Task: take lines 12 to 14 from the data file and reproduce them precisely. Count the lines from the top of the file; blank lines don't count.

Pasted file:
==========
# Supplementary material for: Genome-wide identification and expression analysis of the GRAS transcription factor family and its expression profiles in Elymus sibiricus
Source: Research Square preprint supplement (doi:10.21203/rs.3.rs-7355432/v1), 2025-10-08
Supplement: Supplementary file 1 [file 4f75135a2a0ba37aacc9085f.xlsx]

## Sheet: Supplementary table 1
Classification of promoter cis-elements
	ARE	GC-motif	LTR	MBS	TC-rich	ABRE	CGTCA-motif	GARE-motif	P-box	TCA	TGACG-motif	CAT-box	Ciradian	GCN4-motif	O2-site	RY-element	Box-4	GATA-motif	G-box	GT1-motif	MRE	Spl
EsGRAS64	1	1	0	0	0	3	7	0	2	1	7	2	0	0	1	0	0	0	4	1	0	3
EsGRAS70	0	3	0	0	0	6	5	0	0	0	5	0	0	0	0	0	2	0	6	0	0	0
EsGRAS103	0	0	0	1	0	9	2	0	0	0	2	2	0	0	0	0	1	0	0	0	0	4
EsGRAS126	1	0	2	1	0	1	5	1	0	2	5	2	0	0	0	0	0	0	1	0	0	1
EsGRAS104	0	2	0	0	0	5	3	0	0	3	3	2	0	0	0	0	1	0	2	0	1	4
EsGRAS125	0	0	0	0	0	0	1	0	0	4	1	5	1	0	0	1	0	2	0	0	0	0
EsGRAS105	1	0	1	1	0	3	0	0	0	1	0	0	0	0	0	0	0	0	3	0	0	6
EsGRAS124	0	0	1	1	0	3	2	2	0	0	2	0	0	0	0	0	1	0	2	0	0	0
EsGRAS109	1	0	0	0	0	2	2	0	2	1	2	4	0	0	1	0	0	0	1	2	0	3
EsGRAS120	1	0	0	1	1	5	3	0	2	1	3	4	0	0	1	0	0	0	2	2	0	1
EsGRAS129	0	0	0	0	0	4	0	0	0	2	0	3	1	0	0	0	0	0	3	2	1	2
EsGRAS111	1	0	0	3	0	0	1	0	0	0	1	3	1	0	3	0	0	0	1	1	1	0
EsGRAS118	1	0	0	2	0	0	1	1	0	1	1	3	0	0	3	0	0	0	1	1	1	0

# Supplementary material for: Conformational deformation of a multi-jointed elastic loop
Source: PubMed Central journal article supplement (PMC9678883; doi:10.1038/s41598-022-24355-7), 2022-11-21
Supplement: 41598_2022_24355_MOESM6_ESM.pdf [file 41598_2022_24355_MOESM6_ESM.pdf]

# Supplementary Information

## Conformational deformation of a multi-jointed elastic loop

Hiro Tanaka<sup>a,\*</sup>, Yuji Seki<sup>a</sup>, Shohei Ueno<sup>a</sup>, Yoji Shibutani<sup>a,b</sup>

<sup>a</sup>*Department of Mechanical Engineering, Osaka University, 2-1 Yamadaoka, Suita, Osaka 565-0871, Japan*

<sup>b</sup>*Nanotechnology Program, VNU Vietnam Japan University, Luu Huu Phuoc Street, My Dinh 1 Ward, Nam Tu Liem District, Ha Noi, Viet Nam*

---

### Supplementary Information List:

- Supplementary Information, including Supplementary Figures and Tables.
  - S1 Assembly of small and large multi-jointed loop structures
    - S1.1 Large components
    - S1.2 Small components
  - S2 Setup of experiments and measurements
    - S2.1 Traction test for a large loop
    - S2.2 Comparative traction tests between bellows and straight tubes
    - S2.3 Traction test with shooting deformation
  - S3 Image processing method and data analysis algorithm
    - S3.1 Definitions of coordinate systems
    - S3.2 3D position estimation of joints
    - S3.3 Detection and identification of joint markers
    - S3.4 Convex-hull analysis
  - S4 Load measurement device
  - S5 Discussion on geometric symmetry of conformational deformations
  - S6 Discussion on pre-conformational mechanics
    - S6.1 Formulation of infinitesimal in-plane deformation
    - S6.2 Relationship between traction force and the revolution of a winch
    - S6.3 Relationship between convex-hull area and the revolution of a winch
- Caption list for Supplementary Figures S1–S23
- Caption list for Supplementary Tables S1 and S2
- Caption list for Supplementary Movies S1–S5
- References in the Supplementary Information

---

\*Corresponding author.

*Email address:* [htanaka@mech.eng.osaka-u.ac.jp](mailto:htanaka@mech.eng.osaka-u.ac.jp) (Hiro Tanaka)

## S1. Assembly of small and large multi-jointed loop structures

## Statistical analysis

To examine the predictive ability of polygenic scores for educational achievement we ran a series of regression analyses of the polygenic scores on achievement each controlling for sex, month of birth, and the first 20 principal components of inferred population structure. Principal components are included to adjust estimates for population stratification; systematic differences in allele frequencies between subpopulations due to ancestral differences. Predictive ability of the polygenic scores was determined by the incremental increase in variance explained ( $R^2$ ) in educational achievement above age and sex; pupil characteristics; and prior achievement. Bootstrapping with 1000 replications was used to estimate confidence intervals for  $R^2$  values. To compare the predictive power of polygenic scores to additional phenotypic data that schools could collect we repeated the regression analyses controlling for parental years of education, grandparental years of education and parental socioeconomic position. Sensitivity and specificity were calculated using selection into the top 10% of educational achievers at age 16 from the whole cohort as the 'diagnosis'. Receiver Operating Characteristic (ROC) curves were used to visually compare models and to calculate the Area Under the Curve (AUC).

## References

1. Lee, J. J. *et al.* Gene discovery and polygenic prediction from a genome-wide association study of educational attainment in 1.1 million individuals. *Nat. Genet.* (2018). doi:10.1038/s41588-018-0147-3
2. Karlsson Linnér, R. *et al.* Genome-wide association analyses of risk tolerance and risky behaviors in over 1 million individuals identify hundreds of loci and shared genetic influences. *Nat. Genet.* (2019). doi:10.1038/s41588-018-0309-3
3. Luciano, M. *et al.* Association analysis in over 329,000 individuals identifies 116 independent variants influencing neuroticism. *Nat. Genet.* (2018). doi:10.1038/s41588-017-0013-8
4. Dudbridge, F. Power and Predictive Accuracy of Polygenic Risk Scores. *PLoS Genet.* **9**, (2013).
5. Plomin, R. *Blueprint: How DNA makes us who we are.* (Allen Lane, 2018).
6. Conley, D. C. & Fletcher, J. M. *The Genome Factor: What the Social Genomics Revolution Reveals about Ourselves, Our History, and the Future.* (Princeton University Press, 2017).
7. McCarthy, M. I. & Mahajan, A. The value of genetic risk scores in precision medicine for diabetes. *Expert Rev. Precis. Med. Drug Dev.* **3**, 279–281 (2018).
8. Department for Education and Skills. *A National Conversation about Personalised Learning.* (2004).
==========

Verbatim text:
EsGRAS125	0	0	0	0	0	0	1	0	0	4	1	5	1	0	0	1	0	2	0	0	0	0
EsGRAS105	1	0	1	1	0	3	0	0	0	1	0	0	0	0	0	0	0	0	3	0	0	6
EsGRAS124	0	0	1	1	0	3	2	2	0	0	2	0	0	0	0	0	1	0	2	0	0	0